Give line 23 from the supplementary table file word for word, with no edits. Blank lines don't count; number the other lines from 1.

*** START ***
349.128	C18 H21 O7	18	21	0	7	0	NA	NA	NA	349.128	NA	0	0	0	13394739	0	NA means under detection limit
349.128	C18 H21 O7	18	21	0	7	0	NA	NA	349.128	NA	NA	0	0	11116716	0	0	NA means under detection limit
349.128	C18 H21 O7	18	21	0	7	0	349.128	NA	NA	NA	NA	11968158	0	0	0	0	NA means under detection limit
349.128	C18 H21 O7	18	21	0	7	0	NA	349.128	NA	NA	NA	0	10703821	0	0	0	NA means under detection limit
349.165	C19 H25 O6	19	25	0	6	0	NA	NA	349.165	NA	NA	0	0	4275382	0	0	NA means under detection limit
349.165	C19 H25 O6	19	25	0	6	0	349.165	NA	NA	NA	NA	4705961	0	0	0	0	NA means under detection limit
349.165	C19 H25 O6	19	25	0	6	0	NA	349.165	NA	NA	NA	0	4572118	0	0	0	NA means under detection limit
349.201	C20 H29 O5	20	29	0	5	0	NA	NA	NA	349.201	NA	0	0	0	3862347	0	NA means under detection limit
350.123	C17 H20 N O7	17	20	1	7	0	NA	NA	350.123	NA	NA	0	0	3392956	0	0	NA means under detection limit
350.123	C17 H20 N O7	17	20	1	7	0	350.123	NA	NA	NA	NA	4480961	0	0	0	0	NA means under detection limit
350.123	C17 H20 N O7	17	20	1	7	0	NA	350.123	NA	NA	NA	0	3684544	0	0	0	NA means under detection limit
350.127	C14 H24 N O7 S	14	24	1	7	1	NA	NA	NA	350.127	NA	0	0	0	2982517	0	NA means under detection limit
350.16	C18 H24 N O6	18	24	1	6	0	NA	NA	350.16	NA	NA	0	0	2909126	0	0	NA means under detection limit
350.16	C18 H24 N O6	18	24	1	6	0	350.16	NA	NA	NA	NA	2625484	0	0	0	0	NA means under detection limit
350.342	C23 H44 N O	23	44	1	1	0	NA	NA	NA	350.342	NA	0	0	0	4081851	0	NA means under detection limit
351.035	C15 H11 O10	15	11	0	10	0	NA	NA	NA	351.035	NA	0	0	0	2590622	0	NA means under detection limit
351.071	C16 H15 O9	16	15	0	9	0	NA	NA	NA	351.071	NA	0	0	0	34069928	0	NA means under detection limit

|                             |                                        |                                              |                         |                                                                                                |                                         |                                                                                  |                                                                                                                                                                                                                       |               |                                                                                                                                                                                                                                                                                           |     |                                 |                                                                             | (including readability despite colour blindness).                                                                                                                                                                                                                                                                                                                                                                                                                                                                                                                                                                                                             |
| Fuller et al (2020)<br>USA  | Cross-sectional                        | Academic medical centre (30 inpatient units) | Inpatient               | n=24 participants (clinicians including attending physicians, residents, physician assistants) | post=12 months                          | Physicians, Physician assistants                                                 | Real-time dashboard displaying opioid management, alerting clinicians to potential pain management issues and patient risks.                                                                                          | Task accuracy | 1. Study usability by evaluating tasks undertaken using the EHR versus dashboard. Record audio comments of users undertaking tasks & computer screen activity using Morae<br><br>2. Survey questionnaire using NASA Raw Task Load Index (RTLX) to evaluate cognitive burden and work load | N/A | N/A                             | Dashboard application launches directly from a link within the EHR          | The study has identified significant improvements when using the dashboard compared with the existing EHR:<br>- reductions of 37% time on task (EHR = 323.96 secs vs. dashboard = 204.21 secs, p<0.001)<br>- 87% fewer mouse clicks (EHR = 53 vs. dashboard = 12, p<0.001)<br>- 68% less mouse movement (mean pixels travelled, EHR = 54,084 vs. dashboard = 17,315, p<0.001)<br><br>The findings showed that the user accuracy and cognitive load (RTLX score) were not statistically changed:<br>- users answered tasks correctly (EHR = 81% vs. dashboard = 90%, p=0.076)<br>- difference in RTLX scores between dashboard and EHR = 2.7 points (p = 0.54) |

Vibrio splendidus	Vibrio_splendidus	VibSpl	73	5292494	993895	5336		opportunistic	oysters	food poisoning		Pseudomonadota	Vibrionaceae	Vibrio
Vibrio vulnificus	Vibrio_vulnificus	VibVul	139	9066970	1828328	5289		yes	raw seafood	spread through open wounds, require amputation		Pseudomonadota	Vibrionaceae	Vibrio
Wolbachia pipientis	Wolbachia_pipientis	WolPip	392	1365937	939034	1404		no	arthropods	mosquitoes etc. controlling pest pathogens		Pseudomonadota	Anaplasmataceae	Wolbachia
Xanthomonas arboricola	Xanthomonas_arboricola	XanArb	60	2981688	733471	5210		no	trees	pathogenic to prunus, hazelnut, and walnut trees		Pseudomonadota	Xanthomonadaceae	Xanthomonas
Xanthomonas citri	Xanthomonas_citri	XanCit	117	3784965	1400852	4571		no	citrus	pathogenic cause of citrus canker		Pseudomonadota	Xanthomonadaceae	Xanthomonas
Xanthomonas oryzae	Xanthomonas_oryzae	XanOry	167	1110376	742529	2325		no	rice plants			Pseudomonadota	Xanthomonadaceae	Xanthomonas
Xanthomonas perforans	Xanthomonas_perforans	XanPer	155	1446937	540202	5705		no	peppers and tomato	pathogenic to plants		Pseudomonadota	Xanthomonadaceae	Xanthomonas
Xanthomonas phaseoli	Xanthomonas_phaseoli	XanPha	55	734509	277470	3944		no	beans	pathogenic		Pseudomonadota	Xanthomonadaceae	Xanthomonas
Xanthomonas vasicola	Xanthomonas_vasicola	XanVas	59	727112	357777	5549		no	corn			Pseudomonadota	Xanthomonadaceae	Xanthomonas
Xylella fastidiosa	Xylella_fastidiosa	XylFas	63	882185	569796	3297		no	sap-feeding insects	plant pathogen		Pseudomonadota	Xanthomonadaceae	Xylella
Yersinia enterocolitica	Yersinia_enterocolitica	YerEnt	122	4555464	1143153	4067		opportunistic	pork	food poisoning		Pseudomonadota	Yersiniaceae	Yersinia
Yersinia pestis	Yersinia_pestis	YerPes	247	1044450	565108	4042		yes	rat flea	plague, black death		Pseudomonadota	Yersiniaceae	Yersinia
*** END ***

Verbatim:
Xanthomonas arboricola	Xanthomonas_arboricola	XanArb	60	2981688	733471	5210		no	trees	pathogenic to prunus, hazelnut, and walnut trees		Pseudomonadota	Xanthomonadaceae	Xanthomonas